Adrienne Rich once said, "We need to cultivate honorable relationships —relationships forged out of truth, respect and integrity." But we have to ask, how do we get there? Especially today when we are living in a cultural and political moment that has set the bar to an unbelievably low level. We have lost sight of what it means to cultivate meaningful relationships. We need to work on relearning what it truly means to treat one another in an honorable manner.
The truth of this is easily supported by simply paying attention to the political rhetoric of the day, the way in which talk shows depict a lack of respect and civility for folks who dare try to share a complete and coherent thought and in the ways we talk to one another on social media. How do we rediscover what it means to really love one another and how to be loved.
Love has been turned into simply another aspect of our capitalist-based society that makes everything a commodity to be priced at whatever the market will bear. We move along with whomever or whatever we have purchased until boredom or plain disinterest forces us on to another purchase. It does not matter because when we are buying and selling disposable products all of the time, which supports our notion of a throwaway society, human relationships tend to be treated in the same manner. We have grown accustom to impermanence, and our cultural norms reflect that fact in most aspects of our lives. This is especially true in the arena of relationships.
We have just celebrated Feb. 14, where more overt expressions of "love" are made than at any other time of the year. Of course many of those expressions were quite authentic and the result of folks who have worked at establishing relationships rooted in truth, respect and integrity, but many are not. The fact that we have about a 42 percent divorce rate; nearly a third of American women experiencing partner-related violence and one-in-three adult Americans owning guns says something about the way we see one another and engage each other.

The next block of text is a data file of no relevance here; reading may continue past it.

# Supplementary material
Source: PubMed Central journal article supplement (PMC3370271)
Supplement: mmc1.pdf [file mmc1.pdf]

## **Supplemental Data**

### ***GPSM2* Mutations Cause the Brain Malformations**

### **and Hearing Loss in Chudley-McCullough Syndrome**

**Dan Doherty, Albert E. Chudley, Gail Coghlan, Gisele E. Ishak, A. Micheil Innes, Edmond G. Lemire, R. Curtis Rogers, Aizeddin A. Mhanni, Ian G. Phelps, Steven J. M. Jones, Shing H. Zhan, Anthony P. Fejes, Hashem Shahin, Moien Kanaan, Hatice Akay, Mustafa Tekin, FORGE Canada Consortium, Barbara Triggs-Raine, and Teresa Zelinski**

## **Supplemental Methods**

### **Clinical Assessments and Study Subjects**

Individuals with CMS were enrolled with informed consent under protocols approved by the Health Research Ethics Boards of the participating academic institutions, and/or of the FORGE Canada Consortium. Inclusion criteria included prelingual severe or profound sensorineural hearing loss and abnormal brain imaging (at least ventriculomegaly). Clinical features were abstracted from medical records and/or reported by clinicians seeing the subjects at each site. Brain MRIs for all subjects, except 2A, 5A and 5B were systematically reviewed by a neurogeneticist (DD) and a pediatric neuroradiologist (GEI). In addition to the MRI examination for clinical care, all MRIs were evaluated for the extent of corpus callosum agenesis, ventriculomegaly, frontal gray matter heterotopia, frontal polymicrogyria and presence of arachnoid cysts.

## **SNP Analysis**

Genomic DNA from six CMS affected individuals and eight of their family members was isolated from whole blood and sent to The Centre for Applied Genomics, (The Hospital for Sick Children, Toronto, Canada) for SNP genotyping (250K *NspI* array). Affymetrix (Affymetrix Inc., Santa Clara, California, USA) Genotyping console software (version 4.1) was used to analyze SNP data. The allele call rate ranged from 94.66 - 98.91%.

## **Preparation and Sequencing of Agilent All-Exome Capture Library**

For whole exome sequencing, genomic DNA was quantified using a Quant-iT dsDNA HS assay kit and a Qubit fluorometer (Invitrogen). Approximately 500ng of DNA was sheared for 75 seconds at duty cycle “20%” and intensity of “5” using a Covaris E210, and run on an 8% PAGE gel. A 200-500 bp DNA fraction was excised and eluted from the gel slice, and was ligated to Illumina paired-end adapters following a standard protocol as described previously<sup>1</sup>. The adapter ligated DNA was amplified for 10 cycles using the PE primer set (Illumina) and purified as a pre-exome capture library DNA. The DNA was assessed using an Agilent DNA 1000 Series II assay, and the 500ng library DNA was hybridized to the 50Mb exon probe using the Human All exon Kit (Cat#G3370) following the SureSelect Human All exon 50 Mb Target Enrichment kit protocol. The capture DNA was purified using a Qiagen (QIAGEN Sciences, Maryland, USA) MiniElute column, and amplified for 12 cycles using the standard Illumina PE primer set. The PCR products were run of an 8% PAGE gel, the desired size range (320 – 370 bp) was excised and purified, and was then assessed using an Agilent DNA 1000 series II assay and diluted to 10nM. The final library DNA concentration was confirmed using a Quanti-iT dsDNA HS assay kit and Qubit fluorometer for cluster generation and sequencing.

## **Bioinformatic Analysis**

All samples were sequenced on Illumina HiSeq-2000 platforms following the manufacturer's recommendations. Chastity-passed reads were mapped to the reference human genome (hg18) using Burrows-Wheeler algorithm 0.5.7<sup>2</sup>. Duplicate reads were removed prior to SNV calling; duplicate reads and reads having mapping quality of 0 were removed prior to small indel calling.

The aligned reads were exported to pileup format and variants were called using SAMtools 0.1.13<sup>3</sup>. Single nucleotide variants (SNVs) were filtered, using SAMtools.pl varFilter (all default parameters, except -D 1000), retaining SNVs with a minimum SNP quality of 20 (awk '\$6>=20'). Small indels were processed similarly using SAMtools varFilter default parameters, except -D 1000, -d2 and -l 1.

But this discussion is about all types of relationships and not just romantic ones. The truth of the matter remains, we have lost sight of some of the basic necessities that have to be included if human beings are going to connect with one another in ways that will build authentic relationships and community.
As long as we approach relationship building as if it is merely a business transaction or a game and refuse to take note of the particular aspects of human behavior that are required when we begin to reach out to another person, we will stay polarized.
We can build honorable relationships across the capitalist divide that has been constructed when we take the time to pay attention to what is happening. After realizing our intention to do so, it takes calling upon our internal reservoir of courage and faith to step into a different arena because there will be many challenges to face. It is often difficult to find others on a similar path.
Too much of our interaction with one another is rooted in playing a game and seeing who can win. But in cases where the deep agape love that gets beyond simply being concerned about itself is allowed into the equation, authentic relationship becomes possible. Then we see the results as we watch others who share them and we enjoy this type of relationship ourselves.
These relationships reflect integrity, truth and respect. They are not based upon what one person can get by way of material gain or status from another person. In this type of relationship the overriding concern is for the welfare of the person who is the friend or companion. Agape love makes honorable relationships possible.
This column by Catherine Meeks, Ph.D., appears twice monthly. Meeks is also a contributing writer for the Huffington Post. Email her at email@example.com.